As in the previous film, Branagh plays this with a winning mix of comedy and larger-than-life prissiness but also manages to utilise his eyes very effectively to suggest the emotion and pain his Poirot keeps firmly under the surface. The later sections of the film see Branagh play a level of overt pain that we’ve not really seen other Poirots display in the past. Expanding the character still further beyond the focused, retentive, distanced detective of Christie’s original, this is also a Poirot who expresses shame, regret and (bashfully) a schoolboy-style crush.

Unfortunately, the rest of the cast is a more mixed bag – who would have thought Russell Brand would be not only one of the more restrained, but also one of the most quietly affecting? Tom Bateman is excellent as Bouc, full of joie de vivre and later wounded, pained innocence. Brit audiences can enjoy the joke of French and Saunders playing a pair of closeted ageing lesbians. Letitia Wright is fairly good as a headstrong young woman in love. Other members of the cast engage in a scenery chewing competition, roundly won by Sophie Okonedo as a rollingly accented blues singer with most of the best lines, while Bening and Fazal struggle to bring life to their characters.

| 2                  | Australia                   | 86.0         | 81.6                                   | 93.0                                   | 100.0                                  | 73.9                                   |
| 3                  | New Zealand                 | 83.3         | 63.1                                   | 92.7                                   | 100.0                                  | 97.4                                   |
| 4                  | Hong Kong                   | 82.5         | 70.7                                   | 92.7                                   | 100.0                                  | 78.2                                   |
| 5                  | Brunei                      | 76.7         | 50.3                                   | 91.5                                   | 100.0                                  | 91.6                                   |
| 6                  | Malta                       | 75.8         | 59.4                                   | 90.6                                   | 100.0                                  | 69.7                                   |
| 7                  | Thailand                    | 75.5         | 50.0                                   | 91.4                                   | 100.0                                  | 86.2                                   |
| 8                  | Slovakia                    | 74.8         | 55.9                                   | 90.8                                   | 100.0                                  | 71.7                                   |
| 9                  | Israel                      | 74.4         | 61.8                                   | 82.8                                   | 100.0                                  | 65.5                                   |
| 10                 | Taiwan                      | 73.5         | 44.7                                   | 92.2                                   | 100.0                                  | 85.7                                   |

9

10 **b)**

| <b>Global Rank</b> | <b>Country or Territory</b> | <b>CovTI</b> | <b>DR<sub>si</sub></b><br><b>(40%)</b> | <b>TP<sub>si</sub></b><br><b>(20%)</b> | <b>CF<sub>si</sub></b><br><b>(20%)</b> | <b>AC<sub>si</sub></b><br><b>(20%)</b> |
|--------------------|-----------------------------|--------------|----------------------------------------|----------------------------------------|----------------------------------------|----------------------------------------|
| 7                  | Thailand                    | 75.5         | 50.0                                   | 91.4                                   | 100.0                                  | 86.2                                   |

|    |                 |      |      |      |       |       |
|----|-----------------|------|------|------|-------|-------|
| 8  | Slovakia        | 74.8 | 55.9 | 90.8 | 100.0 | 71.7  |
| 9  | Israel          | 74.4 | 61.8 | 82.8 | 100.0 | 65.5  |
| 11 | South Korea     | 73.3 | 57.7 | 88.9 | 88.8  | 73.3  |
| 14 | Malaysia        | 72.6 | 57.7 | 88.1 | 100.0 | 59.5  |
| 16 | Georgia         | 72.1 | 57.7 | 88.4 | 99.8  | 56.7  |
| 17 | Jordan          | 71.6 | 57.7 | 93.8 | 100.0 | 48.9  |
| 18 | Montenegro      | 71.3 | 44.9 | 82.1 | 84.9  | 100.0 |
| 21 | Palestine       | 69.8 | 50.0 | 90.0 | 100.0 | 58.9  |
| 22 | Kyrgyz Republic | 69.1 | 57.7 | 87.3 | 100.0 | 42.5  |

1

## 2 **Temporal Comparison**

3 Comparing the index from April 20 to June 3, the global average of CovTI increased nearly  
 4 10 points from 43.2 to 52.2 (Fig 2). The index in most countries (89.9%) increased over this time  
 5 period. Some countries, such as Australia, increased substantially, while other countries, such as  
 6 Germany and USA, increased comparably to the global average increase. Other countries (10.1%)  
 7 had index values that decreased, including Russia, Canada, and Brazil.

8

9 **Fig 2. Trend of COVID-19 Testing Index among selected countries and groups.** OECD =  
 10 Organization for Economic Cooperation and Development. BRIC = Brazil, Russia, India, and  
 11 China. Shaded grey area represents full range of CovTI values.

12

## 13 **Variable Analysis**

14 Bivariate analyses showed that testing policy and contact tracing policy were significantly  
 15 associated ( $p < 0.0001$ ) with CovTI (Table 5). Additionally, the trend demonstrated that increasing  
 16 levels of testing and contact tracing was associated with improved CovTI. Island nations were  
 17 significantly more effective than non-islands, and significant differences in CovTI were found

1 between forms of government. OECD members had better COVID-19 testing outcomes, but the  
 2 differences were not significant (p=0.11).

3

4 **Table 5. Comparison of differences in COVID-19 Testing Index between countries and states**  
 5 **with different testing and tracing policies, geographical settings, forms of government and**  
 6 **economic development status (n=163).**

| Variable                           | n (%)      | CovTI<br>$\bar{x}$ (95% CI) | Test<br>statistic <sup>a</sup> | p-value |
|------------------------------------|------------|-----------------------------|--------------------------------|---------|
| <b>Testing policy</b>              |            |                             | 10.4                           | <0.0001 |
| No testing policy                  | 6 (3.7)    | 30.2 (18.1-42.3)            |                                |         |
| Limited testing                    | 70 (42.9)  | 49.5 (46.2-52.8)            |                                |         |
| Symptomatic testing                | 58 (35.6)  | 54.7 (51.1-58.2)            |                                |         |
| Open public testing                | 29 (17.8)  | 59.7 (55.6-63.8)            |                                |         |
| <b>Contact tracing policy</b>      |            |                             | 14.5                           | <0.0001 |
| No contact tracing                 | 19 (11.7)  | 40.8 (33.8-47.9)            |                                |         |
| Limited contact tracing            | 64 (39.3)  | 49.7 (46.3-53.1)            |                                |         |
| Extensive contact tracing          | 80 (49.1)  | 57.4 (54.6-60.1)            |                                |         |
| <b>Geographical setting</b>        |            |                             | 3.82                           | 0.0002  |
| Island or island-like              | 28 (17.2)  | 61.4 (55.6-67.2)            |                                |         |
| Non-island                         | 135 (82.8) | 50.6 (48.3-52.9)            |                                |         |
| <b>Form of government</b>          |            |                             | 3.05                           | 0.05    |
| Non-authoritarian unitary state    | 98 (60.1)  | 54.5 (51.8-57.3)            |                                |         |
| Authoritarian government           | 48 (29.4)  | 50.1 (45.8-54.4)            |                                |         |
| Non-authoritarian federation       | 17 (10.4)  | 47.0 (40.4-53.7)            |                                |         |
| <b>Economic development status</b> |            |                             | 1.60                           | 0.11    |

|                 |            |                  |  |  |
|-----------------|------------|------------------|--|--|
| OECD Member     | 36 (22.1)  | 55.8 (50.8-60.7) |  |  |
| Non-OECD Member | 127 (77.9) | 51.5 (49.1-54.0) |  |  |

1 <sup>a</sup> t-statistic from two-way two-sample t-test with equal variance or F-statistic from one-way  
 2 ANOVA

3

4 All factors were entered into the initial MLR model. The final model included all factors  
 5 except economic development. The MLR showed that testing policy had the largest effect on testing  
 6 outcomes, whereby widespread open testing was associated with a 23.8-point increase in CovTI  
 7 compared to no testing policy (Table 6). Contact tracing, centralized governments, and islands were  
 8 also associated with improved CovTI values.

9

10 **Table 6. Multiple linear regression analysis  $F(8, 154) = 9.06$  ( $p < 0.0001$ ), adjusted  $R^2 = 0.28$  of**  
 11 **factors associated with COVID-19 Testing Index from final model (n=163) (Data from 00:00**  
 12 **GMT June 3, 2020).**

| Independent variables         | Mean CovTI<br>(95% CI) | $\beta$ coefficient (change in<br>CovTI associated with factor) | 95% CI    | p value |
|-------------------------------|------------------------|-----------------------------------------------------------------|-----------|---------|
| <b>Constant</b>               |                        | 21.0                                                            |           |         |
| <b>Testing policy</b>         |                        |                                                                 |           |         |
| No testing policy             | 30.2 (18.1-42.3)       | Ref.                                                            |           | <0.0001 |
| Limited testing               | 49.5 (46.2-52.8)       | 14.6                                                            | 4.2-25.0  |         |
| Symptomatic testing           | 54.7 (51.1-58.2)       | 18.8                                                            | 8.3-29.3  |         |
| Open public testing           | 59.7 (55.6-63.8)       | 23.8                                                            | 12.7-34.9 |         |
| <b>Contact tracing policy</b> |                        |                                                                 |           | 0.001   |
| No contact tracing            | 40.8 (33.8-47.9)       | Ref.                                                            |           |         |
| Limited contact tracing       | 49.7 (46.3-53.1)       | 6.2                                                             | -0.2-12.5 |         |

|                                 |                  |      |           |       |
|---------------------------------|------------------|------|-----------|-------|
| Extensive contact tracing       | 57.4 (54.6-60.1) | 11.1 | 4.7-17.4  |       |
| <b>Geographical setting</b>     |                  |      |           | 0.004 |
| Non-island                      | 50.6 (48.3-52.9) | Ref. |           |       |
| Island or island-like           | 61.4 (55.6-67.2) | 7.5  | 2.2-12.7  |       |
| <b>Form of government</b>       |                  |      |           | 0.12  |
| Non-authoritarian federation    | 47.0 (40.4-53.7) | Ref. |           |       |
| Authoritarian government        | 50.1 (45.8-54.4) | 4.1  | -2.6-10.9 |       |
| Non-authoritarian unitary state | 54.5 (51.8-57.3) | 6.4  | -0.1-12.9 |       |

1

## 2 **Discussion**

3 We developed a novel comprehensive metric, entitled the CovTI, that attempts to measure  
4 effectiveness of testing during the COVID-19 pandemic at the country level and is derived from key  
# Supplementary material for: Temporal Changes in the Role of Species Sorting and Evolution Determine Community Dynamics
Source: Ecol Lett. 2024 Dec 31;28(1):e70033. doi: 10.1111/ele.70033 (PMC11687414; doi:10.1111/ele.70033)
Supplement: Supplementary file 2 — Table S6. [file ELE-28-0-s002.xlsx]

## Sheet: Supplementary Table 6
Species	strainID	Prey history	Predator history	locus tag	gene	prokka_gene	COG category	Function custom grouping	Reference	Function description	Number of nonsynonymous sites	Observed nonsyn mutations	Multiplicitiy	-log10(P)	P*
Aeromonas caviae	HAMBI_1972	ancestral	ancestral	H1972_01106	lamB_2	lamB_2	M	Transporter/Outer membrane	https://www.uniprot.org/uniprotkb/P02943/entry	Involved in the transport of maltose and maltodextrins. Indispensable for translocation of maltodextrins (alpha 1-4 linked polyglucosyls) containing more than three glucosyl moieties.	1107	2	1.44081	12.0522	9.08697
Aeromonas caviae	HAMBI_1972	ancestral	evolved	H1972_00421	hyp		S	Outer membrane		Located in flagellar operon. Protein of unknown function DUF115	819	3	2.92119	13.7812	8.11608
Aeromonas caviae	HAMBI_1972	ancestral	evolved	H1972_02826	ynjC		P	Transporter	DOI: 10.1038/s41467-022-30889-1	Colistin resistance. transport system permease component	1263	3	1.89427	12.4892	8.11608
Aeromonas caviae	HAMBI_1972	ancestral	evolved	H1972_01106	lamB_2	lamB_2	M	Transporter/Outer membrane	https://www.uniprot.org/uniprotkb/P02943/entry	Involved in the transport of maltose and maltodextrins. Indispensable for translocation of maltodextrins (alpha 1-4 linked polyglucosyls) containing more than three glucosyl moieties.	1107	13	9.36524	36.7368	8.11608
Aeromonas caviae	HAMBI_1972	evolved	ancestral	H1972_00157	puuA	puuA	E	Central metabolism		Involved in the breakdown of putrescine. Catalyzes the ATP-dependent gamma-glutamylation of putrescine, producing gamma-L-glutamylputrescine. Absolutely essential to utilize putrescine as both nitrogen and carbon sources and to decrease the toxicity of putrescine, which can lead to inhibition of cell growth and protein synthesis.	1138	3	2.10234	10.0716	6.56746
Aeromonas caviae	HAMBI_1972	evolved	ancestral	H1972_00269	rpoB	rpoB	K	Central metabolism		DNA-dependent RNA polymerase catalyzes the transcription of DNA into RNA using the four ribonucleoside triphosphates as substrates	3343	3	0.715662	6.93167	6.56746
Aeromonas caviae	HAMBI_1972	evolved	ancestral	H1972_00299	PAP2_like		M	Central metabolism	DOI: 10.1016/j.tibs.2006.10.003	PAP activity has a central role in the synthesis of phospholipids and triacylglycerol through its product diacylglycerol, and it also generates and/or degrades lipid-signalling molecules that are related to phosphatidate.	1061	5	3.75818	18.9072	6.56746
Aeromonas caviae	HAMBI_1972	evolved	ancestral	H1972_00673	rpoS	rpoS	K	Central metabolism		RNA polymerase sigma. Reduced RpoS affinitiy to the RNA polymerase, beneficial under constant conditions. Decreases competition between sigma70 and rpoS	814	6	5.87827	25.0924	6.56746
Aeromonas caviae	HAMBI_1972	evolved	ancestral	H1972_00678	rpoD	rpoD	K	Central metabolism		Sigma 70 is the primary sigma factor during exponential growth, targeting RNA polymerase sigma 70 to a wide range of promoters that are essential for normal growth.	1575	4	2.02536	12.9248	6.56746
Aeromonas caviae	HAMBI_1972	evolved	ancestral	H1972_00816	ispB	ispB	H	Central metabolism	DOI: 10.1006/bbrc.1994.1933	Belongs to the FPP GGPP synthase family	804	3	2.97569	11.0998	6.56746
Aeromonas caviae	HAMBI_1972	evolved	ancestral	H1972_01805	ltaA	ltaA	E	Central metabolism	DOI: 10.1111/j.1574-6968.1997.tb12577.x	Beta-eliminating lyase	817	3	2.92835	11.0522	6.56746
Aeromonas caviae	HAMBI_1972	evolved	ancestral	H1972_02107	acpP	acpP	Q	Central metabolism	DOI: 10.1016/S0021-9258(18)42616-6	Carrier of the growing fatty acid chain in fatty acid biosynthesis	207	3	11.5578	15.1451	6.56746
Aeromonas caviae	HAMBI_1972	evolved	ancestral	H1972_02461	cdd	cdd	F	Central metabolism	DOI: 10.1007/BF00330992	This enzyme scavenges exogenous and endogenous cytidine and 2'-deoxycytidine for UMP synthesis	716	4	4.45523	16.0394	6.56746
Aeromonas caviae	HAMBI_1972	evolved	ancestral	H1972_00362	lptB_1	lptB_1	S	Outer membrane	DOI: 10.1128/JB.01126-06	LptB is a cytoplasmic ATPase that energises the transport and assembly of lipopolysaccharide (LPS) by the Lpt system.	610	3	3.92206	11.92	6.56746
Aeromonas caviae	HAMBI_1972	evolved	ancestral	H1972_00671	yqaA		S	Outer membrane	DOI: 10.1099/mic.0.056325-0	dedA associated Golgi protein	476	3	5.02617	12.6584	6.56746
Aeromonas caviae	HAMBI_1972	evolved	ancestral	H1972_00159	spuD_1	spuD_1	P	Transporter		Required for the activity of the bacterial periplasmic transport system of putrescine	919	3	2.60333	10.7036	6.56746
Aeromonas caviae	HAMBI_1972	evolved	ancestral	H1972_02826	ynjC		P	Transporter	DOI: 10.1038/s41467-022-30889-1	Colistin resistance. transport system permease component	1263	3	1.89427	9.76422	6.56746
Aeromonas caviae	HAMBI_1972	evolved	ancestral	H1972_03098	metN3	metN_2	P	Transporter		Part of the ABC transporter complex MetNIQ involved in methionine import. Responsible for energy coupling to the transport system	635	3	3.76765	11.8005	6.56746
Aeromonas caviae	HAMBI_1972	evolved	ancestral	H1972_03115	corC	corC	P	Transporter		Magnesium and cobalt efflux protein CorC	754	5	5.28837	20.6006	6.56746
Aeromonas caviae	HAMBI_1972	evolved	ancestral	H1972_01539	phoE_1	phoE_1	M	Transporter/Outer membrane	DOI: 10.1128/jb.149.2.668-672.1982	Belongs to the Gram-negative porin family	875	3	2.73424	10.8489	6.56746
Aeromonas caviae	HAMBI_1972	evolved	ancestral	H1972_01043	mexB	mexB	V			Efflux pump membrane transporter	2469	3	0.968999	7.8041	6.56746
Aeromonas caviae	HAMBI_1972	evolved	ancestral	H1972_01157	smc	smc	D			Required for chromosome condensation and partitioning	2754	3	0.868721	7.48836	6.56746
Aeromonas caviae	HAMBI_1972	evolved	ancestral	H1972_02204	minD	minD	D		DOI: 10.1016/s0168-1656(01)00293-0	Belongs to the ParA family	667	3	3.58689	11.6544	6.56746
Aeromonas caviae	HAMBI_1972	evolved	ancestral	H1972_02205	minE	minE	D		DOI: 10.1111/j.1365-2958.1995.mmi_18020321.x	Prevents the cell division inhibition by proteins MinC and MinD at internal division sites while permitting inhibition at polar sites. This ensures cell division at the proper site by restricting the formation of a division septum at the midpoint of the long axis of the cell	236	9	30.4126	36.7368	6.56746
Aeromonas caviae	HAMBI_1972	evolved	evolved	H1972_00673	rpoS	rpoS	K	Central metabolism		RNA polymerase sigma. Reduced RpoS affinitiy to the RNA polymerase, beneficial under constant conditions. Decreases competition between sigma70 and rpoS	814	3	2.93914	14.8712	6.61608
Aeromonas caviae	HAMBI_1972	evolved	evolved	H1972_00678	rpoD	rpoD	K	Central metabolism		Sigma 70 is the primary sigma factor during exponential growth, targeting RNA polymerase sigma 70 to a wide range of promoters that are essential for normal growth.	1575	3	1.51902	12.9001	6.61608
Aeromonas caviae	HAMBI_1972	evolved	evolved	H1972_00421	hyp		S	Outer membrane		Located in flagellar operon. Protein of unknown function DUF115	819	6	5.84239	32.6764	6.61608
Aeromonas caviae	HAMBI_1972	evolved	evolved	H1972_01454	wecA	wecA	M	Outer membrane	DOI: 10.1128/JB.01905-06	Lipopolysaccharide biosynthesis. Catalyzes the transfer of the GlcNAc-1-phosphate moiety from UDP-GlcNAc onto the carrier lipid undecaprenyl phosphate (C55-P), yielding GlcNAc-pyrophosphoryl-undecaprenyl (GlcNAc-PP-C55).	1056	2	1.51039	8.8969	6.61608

For the principal love triangle, the film suffers under the unfortunate issue of Armie Hammer’s fall-from-grace (guess he’s never going to become that star I wrote once he was destined to become). Even without that, Hammer seems oddly constrained by his British accent and fails to bring any life or passion to the role, not helped by a complete lack of chemistry with Gal Gadot who seems hopelessly at sea, trapped in flat line readings and odd bits of business. Emma Mackey by far-and-away comes out best as a young woman dripping with danger and obsession.

It’s a shame Branagh’s film constantly seems to shoot itself in the foot. Must be easy to do, since the boat is awash with guns (everyone seems to have one!) – so much so the final reveal is bungled into a three-way Mexican stand-off that completely robs the book’s brilliant denouement of its impact. The whole film is a little like this at times: as a director Branagh can be a flashy show-off whose ambition isn’t always married with the sort of effortless grace great directors bring to cinema. So, the film is crammed with tricksy, attention-grabbing shots and loud, brash moments of drama that are as likely to raise sniggers as sighs of awe.

It’s a shame as, in many ways, this is actually a little better than Murder on the Orient Express. It’s tighter (even though it’s longer!) and it creates an emotional backstory for Poirot that not only feels much less forced but actually adds something to the original story. Many of the changes in the characters actually help to make something interesting and new. If only Branagh’s films could shake the idea that we need guns, fights and sweeping CGI to invest in a Poirot story. Because, despite some weaker performances, when the film focuses on emotion and story it’s actually a fairly engaging adaptation that, while never the best, is very far from the worst.